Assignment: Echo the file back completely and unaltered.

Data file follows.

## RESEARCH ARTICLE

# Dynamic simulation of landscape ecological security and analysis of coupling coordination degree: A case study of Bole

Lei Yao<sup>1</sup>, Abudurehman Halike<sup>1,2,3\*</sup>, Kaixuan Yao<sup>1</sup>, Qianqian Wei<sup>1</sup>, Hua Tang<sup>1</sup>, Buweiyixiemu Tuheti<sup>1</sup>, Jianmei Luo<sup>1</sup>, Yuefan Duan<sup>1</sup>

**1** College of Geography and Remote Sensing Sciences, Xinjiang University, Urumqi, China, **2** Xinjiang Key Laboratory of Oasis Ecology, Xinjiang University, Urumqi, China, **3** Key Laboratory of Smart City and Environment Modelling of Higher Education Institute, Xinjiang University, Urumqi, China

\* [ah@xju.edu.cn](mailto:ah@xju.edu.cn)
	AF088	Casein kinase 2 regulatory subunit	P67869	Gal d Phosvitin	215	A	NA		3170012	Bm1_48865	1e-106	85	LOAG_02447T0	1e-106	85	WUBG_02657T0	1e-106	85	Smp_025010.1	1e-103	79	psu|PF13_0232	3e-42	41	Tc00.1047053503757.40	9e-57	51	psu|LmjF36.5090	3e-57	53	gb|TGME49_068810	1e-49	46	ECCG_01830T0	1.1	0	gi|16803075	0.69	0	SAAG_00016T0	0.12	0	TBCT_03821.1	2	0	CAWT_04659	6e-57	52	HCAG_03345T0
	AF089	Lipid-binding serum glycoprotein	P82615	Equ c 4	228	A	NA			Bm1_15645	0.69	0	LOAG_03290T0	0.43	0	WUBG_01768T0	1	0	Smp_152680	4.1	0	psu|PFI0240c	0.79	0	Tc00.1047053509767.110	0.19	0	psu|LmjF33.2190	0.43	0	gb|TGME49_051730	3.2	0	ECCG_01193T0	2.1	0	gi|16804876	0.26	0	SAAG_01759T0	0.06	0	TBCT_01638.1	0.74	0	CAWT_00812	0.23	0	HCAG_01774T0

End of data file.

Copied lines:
## RESEARCH ARTICLE

# Dynamic simulation of landscape ecological security and analysis of coupling coordination degree: A case study of Bole

Lei Yao<sup>1</sup>, Abudurehman Halike<sup>1,2,3\*</sup>, Kaixuan Yao<sup>1</sup>, Qianqian Wei<sup>1</sup>, Hua Tang<sup>1</sup>, Buweiyixiemu Tuheti<sup>1</sup>, Jianmei Luo<sup>1</sup>, Yuefan Duan<sup>1</sup>

**1** College of Geography and Remote Sensing Sciences, Xinjiang University, Urumqi, China, **2** Xinjiang Key Laboratory of Oasis Ecology, Xinjiang University, Urumqi, China, **3** Key Laboratory of Smart City and Environment Modelling of Higher Education Institute, Xinjiang University, Urumqi, China

\* [ah@xju.edu.cn](mailto:ah@xju.edu.cn)
	AF088	Casein kinase 2 regulatory subunit	P67869	Gal d Phosvitin	215	A	NA		3170012	Bm1_48865	1e-106	85	LOAG_02447T0	1e-106	85	WUBG_02657T0	1e-106	85	Smp_025010.1	1e-103	79	psu|PF13_0232	3e-42	41	Tc00.1047053503757.40	9e-57	51	psu|LmjF36.5090	3e-57	53	gb|TGME49_068810	1e-49	46	ECCG_01830T0	1.1	0	gi|16803075	0.69	0	SAAG_00016T0	0.12	0	TBCT_03821.1	2	0	CAWT_04659	6e-57	52	HCAG_03345T0
	AF089	Lipid-binding serum glycoprotein	P82615	Equ c 4	228	A	NA			Bm1_15645	0.69	0	LOAG_03290T0	0.43	0	WUBG_01768T0	1	0	Smp_152680	4.1	0	psu|PFI0240c	0.79	0	Tc00.1047053509767.110	0.19	0	psu|LmjF33.2190	0.43	0	gb|TGME49_051730	3.2	0	ECCG_01193T0	2.1	0	gi|16804876	0.26	0	SAAG_01759T0	0.06	0	TBCT_01638.1	0.74	0	CAWT_00812	0.23	0	HCAG_01774T0